Los Angeles — Before Lonzo Ball dropped 12 points, 9 rebounds and 4 assists in the Lakers’ 121-107 loss to the Toronto Raptors, the man who has been helping him develop since last season was already defending the progress Ball has made as a player since his up-and-down rookie campaign.
”One of the hardest things in our league to do is the consistency part. For young players, you play 82 games, and it’s bringing it every single night. I think Lonzo has made some really big strides as far as where he is as a player,” said Lakers head coach Luke Walton. “When he’s on and flowing, he’s just a game-changing, game-winning player.”
Ball showed flashes of such potential over the final three periods against Toronto, with his back-to-back threes and lockdown defense in the fourth quarter helping fuel a run that helped the Lakers’ trim the Raptors’ lead to as little as 10 points, the closest they had been since the early minutes of the game.
However, Walton noted that there have been other games (Ball’s last three before Sunday, for example) where he doesn’t have it going like he did against the Raptors.
“There’s still other times where the game isn’t coming to him, and that’s something that he’ll keep getting better at,” Walton said before the game. “But we have all the confidence in the world that every night he’s going to go out there and help us win.”
To do that, Walton and everyone else around Ball think the key is for him to continue to be aggressive. In games where “the game isn’t coming to him,” Ball has demonstrated a tendency to float or fade into the background.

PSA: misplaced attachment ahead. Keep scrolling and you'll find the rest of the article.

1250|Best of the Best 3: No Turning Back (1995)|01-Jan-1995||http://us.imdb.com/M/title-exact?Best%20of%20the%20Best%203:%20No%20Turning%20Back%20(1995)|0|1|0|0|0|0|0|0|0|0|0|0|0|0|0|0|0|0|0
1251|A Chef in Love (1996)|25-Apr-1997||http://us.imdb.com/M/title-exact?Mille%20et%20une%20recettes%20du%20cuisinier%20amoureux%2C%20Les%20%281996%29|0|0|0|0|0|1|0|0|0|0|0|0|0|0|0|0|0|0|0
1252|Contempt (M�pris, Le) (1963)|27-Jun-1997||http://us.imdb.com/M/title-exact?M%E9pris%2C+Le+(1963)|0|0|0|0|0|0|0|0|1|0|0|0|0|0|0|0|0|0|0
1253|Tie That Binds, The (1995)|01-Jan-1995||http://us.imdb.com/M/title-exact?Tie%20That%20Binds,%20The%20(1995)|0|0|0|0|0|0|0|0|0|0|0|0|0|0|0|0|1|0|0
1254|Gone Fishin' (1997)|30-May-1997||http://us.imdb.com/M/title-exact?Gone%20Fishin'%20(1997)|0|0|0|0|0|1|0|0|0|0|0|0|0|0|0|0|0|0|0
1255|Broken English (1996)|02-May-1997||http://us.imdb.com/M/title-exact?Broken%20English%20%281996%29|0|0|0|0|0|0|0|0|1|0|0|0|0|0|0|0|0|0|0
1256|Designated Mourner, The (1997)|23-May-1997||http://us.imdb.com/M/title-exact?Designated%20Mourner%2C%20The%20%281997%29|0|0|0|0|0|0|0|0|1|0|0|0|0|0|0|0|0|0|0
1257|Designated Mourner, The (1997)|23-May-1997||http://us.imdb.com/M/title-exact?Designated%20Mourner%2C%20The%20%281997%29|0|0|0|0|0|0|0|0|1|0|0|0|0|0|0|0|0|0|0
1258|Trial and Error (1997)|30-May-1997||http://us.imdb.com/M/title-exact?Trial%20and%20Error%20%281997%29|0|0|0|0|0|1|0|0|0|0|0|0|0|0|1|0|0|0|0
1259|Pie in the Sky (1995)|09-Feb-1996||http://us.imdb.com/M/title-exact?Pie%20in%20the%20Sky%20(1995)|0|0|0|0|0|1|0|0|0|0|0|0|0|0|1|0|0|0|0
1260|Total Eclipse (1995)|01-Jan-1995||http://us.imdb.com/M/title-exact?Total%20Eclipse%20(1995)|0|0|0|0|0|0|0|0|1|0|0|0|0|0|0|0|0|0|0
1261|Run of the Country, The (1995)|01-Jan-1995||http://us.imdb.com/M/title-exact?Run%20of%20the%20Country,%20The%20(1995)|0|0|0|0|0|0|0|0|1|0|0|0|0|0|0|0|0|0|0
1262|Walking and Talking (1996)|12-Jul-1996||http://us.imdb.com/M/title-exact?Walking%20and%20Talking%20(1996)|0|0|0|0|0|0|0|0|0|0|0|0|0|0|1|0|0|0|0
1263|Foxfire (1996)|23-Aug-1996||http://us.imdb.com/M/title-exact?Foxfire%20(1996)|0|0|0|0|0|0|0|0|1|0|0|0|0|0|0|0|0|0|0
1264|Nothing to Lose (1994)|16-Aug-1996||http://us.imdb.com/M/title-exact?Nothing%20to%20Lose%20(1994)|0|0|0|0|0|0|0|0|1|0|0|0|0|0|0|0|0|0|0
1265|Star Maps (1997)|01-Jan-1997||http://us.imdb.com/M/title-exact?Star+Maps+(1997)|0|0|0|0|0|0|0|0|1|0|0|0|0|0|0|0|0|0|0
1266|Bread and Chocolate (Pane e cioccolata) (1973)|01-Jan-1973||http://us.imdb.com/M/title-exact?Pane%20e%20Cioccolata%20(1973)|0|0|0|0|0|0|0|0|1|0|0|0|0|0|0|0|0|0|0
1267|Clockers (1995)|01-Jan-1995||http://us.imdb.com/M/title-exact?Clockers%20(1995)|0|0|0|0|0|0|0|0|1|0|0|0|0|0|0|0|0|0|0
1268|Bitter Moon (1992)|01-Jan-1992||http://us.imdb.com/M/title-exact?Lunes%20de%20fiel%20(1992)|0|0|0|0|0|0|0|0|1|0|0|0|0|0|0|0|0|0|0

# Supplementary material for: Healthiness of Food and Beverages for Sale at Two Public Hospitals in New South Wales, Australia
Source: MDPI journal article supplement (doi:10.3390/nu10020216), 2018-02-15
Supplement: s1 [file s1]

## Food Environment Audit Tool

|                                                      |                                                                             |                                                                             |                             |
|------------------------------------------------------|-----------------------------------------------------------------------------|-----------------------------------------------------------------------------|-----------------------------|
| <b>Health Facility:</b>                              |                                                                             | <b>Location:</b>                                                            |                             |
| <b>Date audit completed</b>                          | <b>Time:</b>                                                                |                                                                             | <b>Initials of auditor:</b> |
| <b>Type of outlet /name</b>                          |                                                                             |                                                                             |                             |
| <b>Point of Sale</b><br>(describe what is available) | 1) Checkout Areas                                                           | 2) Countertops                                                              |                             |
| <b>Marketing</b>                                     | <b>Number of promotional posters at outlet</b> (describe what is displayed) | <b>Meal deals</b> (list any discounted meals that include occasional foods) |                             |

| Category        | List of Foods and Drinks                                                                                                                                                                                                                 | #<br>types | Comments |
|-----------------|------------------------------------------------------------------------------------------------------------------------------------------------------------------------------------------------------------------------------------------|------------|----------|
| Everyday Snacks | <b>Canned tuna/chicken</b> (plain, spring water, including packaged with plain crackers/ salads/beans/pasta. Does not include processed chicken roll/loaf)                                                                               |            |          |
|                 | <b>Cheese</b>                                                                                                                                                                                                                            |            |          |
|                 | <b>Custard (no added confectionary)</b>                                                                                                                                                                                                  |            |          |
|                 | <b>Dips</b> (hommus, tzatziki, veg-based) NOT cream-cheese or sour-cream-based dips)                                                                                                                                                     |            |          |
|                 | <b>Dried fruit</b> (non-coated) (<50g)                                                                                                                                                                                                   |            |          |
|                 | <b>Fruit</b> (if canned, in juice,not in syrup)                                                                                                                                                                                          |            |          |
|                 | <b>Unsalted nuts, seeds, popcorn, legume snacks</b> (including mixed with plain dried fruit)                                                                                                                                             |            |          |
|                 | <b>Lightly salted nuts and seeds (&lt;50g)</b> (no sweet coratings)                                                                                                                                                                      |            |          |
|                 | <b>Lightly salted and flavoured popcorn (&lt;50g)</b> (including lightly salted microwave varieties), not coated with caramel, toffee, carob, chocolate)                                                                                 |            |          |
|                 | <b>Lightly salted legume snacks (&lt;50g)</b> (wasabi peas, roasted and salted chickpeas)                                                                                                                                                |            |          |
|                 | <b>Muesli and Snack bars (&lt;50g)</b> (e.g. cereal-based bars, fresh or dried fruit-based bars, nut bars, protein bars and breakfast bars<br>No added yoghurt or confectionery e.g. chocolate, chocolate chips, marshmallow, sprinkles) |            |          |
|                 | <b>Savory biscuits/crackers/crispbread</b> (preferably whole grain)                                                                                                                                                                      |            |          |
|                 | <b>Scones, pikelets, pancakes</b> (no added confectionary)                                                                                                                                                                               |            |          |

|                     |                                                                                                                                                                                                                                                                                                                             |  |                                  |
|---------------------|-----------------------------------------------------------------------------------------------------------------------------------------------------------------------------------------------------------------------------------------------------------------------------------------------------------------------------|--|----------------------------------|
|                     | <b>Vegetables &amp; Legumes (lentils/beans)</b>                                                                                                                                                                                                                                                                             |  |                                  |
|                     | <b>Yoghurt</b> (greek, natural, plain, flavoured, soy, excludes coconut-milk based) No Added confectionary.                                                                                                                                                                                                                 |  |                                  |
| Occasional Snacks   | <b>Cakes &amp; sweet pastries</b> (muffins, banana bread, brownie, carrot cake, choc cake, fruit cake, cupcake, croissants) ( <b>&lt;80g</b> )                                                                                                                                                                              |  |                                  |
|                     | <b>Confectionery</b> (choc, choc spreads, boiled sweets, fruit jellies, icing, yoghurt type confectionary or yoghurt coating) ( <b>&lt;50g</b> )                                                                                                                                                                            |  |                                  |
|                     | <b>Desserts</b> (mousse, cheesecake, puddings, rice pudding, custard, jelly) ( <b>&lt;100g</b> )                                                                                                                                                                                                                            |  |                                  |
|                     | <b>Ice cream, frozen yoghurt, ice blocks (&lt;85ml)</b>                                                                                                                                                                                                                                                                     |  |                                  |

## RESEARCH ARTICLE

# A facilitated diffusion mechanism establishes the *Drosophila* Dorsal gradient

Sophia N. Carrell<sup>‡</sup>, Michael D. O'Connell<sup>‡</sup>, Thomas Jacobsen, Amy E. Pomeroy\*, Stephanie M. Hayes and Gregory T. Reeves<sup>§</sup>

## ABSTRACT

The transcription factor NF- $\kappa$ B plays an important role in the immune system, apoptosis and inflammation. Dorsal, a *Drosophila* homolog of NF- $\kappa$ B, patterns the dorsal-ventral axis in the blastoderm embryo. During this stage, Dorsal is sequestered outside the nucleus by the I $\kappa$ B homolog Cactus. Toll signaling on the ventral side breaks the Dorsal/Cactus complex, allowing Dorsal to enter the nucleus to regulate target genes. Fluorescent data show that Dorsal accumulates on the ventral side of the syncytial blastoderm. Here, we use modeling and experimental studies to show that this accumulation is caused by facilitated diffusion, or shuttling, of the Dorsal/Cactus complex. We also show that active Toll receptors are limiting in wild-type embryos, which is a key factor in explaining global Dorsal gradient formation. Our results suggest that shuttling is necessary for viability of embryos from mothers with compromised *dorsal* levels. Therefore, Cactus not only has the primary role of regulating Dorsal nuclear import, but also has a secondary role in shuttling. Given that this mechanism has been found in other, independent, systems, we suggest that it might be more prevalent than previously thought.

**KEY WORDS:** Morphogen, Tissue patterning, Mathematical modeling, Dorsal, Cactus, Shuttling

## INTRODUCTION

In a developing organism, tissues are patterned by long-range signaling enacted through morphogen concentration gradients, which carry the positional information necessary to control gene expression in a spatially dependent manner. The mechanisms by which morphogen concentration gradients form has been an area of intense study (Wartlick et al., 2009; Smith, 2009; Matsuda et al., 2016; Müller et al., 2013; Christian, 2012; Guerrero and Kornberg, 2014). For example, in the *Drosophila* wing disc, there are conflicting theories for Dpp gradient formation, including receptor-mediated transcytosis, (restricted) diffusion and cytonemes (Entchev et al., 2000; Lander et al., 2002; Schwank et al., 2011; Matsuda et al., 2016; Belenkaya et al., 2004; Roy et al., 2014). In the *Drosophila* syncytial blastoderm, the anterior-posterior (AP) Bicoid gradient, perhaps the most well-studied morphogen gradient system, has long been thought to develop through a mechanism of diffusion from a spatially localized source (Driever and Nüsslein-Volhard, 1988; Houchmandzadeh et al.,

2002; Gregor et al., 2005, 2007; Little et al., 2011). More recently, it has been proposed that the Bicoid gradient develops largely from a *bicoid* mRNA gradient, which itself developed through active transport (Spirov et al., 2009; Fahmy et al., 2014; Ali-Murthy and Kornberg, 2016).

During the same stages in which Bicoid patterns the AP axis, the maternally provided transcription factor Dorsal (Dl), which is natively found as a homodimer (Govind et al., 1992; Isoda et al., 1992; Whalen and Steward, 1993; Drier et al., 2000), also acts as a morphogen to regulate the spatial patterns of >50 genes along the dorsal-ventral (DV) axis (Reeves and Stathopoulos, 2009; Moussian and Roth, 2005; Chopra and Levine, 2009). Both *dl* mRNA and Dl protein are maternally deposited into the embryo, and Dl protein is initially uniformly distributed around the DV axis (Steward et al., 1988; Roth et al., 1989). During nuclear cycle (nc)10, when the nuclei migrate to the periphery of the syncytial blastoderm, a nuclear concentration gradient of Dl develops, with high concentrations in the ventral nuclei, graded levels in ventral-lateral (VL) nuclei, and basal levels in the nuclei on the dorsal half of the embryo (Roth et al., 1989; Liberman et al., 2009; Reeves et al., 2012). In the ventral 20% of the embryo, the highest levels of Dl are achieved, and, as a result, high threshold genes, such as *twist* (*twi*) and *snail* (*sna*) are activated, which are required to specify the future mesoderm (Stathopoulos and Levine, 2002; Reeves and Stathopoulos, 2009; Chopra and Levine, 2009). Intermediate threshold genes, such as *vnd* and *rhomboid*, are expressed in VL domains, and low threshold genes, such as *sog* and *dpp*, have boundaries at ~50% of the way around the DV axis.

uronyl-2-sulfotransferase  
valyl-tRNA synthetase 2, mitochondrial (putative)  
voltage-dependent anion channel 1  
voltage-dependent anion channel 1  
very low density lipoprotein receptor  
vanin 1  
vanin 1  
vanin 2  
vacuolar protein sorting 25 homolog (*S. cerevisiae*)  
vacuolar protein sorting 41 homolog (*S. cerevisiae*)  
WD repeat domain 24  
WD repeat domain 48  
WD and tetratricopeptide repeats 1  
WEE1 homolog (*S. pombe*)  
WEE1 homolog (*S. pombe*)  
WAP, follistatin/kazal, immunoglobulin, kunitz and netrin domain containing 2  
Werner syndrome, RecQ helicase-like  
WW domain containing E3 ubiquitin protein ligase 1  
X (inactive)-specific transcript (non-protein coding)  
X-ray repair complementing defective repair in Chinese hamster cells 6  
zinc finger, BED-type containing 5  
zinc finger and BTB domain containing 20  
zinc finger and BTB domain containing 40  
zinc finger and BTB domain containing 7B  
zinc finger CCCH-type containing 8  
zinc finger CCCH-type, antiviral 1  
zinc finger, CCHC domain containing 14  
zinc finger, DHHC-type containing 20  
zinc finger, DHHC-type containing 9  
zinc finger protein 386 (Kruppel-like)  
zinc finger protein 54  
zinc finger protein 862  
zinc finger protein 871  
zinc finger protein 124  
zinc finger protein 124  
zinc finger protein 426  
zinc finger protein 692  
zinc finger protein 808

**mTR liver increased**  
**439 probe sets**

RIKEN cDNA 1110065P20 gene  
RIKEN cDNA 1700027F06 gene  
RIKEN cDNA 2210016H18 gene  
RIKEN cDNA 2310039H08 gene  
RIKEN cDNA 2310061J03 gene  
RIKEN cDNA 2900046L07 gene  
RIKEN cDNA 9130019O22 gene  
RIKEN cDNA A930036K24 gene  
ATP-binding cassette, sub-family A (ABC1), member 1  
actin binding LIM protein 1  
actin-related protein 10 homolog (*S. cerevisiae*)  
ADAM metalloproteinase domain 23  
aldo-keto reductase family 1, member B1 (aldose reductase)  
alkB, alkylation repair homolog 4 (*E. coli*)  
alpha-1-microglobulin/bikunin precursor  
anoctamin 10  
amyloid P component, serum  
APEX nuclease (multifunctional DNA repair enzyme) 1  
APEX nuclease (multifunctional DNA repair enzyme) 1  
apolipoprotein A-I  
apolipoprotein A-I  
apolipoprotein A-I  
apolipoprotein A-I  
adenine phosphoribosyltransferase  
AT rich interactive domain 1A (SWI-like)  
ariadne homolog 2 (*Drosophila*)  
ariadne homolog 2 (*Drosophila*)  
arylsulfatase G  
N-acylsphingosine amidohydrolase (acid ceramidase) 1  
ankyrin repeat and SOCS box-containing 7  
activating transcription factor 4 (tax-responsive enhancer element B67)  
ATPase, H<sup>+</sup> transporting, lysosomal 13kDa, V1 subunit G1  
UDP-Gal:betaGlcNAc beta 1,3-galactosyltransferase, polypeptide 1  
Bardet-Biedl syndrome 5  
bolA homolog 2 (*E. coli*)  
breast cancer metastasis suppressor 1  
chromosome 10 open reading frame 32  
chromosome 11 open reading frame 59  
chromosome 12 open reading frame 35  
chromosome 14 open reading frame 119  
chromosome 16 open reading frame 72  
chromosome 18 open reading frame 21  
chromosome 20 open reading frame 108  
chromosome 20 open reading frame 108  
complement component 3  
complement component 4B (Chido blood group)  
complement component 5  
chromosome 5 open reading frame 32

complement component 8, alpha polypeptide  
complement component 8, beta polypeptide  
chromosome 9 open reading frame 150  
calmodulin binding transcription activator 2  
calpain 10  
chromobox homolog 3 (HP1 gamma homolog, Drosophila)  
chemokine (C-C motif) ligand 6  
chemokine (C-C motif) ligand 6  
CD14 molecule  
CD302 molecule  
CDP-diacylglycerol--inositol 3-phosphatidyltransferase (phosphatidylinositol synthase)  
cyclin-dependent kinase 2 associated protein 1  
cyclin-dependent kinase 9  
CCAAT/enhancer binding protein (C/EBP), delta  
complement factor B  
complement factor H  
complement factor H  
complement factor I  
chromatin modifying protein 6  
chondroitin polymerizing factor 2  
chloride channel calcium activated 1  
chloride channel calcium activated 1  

Yes, Ball can affect the game without scoring. And sure, he can affect it without really touching the ball much too, just by always making the right pass and keeping the offense humming while playing staunch defense.
But on nights when the Lakers’ offense is bogging down even when Ball makes the extra pass, he needs to demonstrate a bit more willingness to force his way to the basket to create a shot for himself of someone else. His tendency to just keep the offense moving has made Ball’s value almost entirely contingent on the teammates he’s playing with, which is partially why the only Laker with a worse net rating when they’re on the court is Michael Beasley (-16.7 compared to Ball’s -8.1), and why the Lakers, by net rating, are never better than when Ball sits (outscoring opponents by 8.4 points per 100 possessions in those minutes).
Now, net rating can’t be the only stat one looks at when determining value — LeBron James is right behind Ball with the Lakers outscoring opponents by 7.2 points per 100 possessions when he sits, and no one is going to argue he’s a bad player — but Ball’s massive value swings expose how reliant he is right now on having teammates who can capitalize on the advantages he creates.
Keeping the ball moving is great if everyone else is continuing to decisively seek advantages, but if the next pass is just to Lance Stephenson to jab step for 10-15 seconds, how much benefit is really gained versus if Ball tried to make something happen himself?
Walton wants Ball to start doing so a little more.
”We want him to be aggressive all the time, but we don’t want him shooting just to take shots. He’s a brilliant playmaker and we want him getting in the other team’s lane and collapsing the defense,” Walton said.
“When he’s aggressive wherever he is on the court, whether it’s defense, steals, strips, rebounds, that’s the type of player that helps us win games and that’s what we want him to do night in and night out,” Walton continued. “Whether it’s shooting or anything on the defensive end, just be aggressive.”
Those (justified) critiques about Ball’s game aside, though, he’s still shown plenty of promise for a player just 10 games into his second NBA season. Second-year guards as young as Ball are take time to develop, and Walton is happy with the direction he’s headed.
”We’re totally fine with where he is as a player, and we’re glad he’s on our team,” Walton said.